Why do we travel?
This is a question that deserves more of an answer than it usually gets. There is a reason why “travel” and “travail” share an etymology – for most of human history they were intimately connected experiences, and even in our modern age of airplanes, interstates and railroads they are not all that far separated. Anyone who has tried to board an American airplane in the last nine years – or even driven within three miles of a terminal, especially if you have a Swiss Army knife somewhere in the car – can attest to that.
Some people travel for the adventure of it. They bolt off in directions untried, toward destinations unknown, often with little more than the clothes on their backs (especially if those items of clothing happen to contain a wallet with credit cards in one of the pockets), and they don’t consider it a trip unless there are narrow escapes, photos of previously unseen vistas, and a minor scar or two.
I had a friend in college who decided to go to Cancun for spring break one year, which would not have been all that big a deal for someone who had the kind of money he had except that he made this decision about 36 hours before leaving. At that point there were no flights available to Cancun from any US or Canadian airport. So he flew to Belize, rented a jeep and drove several hundred miles through the jungle. He can now tell you exactly how much it takes to bribe a Mexican border guard when you don’t speak a word of Spanish, which is probably not all that useful in his current life but you never know. He regarded this as a trip well taken, particularly since the beach where he slept in Cancun (no, there were no hotels either) was hosting a Playboy shoot at the time.
I would not have taken that trip, shoot or no shoot.
Other people travel to see places or things. For them the lure of a city like Paris is the Eiffel Tower; a place like China is the Wall or the food; a place like Africa is the animals. The world is full of sights, places, objects and creatures, all waiting for a visit.
I’m not one of those people either. It would broaden my horizons if I were, really, since it would open up a whole lot of places for me to visit that I currently don’t have a lot of interest in going to now, but there you go. I can see things in books.
When I travel, mostly I go to see people.
For me a trip is all about who I can visit. When Kim took me to Washington DC a couple of years ago as a trailing spouse on one of her conferences, I spent an entire day sitting in a restaurant with a college friend, just catching up with each other’s lives. It was a day well spent in my opinion, and the many and varied attractions of that city just waited for another time.
So for me, the high points of our recent vacation were the ones involving family and friends that I hadn’t seen in a while, sometimes for years. Don’t get me wrong – it was fun to noodle around on the sand and pick up Cape May Diamonds and all. But it wouldn’t have been nearly as much fun or as worthwhile without the people there.
On our first night away from home we stopped in Pittsburgh, where Kim and I met and where we still have a number of friends. We’d managed to get in touch with a couple of them ahead of time and they came to see us at our hotel.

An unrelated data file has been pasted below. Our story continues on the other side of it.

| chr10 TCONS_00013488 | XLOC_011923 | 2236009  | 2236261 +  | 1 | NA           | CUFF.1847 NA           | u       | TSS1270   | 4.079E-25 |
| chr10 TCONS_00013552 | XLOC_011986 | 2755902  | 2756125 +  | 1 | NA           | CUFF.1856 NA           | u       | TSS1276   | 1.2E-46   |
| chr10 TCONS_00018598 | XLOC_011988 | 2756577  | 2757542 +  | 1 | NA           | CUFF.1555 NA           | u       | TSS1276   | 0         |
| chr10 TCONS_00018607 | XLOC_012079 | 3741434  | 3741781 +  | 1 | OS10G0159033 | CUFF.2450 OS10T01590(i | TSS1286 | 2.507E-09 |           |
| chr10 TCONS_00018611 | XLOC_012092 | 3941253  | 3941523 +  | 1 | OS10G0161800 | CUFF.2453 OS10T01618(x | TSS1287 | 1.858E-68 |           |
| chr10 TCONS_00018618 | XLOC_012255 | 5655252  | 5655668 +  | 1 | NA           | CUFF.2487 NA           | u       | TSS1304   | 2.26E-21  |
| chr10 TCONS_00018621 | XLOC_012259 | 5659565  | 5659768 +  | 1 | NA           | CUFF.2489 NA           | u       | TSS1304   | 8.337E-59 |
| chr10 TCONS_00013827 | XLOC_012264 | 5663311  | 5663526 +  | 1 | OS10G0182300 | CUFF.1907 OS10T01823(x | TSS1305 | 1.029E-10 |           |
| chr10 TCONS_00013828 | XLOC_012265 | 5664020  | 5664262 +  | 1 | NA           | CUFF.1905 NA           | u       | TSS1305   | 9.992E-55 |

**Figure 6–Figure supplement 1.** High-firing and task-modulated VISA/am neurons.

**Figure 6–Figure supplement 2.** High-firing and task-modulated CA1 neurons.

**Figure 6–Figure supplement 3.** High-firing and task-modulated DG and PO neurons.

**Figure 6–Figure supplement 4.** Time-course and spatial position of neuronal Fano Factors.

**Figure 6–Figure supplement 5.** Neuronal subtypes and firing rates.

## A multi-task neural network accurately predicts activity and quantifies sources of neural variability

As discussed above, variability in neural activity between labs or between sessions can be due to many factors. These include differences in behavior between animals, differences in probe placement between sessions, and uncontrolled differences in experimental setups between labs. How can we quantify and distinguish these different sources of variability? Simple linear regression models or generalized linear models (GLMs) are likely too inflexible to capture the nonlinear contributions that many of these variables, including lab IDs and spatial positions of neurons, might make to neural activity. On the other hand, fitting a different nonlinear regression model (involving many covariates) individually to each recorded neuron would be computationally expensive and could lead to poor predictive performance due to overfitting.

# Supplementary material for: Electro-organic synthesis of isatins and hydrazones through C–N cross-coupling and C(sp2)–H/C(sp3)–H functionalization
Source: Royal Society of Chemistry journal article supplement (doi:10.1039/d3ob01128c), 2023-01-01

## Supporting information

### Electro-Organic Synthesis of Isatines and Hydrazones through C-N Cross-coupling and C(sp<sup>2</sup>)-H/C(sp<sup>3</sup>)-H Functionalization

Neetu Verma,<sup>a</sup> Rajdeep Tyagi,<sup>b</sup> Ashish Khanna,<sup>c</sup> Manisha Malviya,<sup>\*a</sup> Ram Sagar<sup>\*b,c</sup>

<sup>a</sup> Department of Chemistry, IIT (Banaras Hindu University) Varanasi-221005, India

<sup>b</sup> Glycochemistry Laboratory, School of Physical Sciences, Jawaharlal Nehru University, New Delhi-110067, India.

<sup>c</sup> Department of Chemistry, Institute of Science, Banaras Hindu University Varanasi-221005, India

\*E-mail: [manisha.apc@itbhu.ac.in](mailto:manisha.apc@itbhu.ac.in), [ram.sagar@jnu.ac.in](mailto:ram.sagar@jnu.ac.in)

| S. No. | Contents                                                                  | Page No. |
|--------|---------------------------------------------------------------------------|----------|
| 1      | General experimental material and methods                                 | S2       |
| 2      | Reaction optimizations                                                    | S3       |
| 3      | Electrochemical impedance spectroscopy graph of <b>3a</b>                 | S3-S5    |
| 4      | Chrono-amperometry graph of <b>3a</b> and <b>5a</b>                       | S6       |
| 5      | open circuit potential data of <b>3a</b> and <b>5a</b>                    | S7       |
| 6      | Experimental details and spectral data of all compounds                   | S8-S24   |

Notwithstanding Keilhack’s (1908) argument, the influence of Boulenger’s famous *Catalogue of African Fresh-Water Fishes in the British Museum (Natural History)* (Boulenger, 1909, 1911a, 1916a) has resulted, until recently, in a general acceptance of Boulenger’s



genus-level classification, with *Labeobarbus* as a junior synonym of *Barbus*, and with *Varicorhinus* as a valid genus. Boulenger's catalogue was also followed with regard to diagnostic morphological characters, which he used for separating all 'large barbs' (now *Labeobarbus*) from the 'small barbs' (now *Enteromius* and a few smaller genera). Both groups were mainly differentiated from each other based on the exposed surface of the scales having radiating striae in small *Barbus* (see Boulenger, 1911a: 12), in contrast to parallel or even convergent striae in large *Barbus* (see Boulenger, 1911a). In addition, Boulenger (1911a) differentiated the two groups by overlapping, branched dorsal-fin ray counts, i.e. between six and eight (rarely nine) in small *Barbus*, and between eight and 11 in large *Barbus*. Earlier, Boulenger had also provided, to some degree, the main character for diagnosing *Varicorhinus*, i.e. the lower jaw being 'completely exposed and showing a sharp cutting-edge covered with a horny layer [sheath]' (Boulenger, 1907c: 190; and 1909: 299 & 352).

Sharon was in graduate school with Kim. Mike was in graduate school with me. Both were in our wedding, which Mike’s wife Krista couldn’t attend because she was busy with Eli, who was a newborn at the time. Now look at him. Soon he’ll be able to drive out to visit us on his own.
New Jersey was full of family, which in one sense was odd since none of us live in New Jersey. But that was where the beach was, so that’s where we met up. It was fun to see Josh and Sara hanging out with Tabitha and Lauren. And for me, one of the highlights of the trip were the times after the kids were in bed, when the grownups would break out the margaritas (or wine, beer or cider – we’re not big drinkers, but we know what we like) and hang around telling stories much later than we would usually stay up. This has become one of my favorite traditions when we are down the shore, and as the kids get old enough perhaps they too will participate.
We even got to see Steve and Rolane, Lori’s parents, who came down to Cape May for dinner one night and who we went to visit at their house in Margate on the way back to Philadelphia. Plus, in Margate we got to see Marcia and her daughter Emmy. Marcia was a friend of both Keith and me in high school, and it was good to see her.
And after we got back to Philadelphia we spent a happy day hanging out with Jenny and her boys, Koji and Kei. Jenny and I have a long history together, one that includes going to my senior prom. We have stayed friends since then, as we have moved here and there across the country and the world, and it was wonderful to see her again. As you get older you find that it becomes ever more important to hold onto the people you were close to before, who remember the same stories that you do and knew you when. People like that won’t let you get away with much, but neither will they let you down.
We didn’t manage to catch up with everyone on this trip. A couple of friends we missed due to communication errors or scheduling conflicts, and there were only so many people we could fit into the time we had available to begin with. It is a nice problem to have, having too many friends to see in a given period of time.
But we gave it our best, and we will try for some of the ones we missed next time.
And that’s why I travel.